“For Antarctica exists well beyond the boundaries of the world you know. You will see there a sun you have never before seen, breathe air you have never before breathed. You will see the menacing white mountains towering for thousands of feet over a black ocean in which, with luck, you might survive for 45 seconds. You will see the awesome Ross Ice Shelf, as large as France, with its 50–200-foot ice cliffs leaving the sea for 400 miles. You will see the active volcano, Mt. Erebus, 13,000 feet of fire and ice.

“And you will see the huts, so well preserved they seem to have been inhabited only yesterday, which Shakleton used in 1908 and the ill-fated Scott in 1911. Antarctica, apparently, is not subject to the passage of time as we know it.”

Admit it. If you were a rich sailing and jet-setting adventurist, what more could you possibly want? Your fantasy adventure is laid out right there in front of you!

And the operative word here is “fantasy.”

Here’s what email marketing expert Ben Settle, who I’ve mentioned elsewhere in this book and writes one of the most useful and entertaining email newsletters in existence, has to say about the importance of drawing out your prospect’s fantasies.

“If you study copywriting for very long, you’ll eventually come across the term “salesmanship-in-print” which explains that copywriting is nothing more than selling in print (or on the computer screen or the TV, etc.). And that’s absolutely true. But, at the same time, a lot of high-pulling ads are also fantasies in print.

“In other words, your ad should–ideally–be one big fantasy for your reader. Why?

Because human beings like to dream and fantasize about things we want to have–like members of the opposite sex…new cars…new houses…a better life for our kids…a great looking body…popularity…love and respect from our peers…beating our friends, neighbors, and coworkers in the ‘rat race,’ etc.

“And if you want to add a new layer of raw selling power to your ads, simply learn what your market fantasizes about, figure out how your product fits into that fantasy…and then work it into your pitch.”

Lesson: This is such an important insight. When we read or watch a promo for a product we really like, what we really want is the fantasy that it is offering up to us that we desperately want (or, conversely, we really want to avoid the nightmare fantasy that the promo is warning could happen to us if we don’t do/buy X thing).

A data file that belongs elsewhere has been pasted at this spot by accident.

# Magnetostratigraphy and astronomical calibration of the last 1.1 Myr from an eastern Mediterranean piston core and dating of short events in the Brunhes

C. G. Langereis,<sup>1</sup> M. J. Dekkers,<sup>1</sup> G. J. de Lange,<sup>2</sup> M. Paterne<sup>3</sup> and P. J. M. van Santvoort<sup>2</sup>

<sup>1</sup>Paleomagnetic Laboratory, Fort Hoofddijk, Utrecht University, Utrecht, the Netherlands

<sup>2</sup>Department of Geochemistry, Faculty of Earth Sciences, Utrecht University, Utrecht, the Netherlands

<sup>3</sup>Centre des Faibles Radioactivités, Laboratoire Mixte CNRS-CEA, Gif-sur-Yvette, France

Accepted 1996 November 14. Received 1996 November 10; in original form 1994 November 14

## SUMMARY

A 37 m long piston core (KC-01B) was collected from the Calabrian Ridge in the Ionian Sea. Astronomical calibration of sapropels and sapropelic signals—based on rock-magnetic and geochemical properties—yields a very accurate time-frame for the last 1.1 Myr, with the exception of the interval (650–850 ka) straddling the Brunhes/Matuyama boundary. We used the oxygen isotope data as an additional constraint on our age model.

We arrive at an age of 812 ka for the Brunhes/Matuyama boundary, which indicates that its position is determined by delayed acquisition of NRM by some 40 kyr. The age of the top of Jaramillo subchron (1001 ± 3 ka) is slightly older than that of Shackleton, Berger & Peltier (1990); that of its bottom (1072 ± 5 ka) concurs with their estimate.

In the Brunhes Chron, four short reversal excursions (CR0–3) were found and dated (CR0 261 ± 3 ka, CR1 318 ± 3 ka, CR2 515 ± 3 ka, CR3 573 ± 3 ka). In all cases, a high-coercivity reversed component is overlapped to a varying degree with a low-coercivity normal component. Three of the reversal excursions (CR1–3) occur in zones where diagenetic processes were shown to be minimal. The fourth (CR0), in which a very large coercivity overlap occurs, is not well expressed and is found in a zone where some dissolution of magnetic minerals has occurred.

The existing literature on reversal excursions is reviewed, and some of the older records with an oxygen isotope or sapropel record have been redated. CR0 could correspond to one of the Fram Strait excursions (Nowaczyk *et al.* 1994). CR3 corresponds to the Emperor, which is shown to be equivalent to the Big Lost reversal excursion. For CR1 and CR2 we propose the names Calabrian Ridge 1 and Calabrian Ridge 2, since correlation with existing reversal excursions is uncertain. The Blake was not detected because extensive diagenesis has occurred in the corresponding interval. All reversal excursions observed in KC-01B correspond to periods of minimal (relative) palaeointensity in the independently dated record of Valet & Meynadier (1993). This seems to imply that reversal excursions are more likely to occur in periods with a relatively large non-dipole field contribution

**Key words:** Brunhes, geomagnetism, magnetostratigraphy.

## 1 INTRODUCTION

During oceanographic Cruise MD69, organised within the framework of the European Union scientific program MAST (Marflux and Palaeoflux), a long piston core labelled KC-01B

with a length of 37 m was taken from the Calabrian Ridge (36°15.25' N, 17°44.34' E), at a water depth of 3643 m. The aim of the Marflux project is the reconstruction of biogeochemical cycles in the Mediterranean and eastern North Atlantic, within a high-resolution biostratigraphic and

But whatever it is you sell, there are unlimited ways for you to build in more fantasy, more of your prospect’s fantasy, into your promos.

P.S. Are you wondering how successful the letter was?

Well, it easily sold the 50 spots it wanted to sell for 10,000 smackers each, totaling $600,000 in 1968 dollars.

How much would that be in 2020 dollars?

Adjusted for inflation, that polar expedition raised $4,444,775!

That, my friend, is the power of injecting fantasy into your marketing!

Nothing is more profitable than selling the fulfillment of your prospect’s fantasy to them.

© 2021 David Lowenthal Enterprises Ltd.

David Lowenthal is an independent direct response fundraising serving libertarian and other freedom-loving nonprofits.

This chapter is part of his book 32 Jackpot Marketing Secrets from History’s Greatest and Craziest Persuaders! If you would like to discover more marketing secrets from some of history’s most successful entrepreneurs, copywriters, politicians, negotiators, lawyers, talk show hosts, actor/directors, political activists, and much more, you can download a copy of his FREE ebook, 32 Jackpot Marketing Secrets from History’s Greatest and Craziest Persuaders!, by signing up here.

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David Lowenthal

Direct response fundraising copywriter for libertarian and pro-freedom nonprofit organizations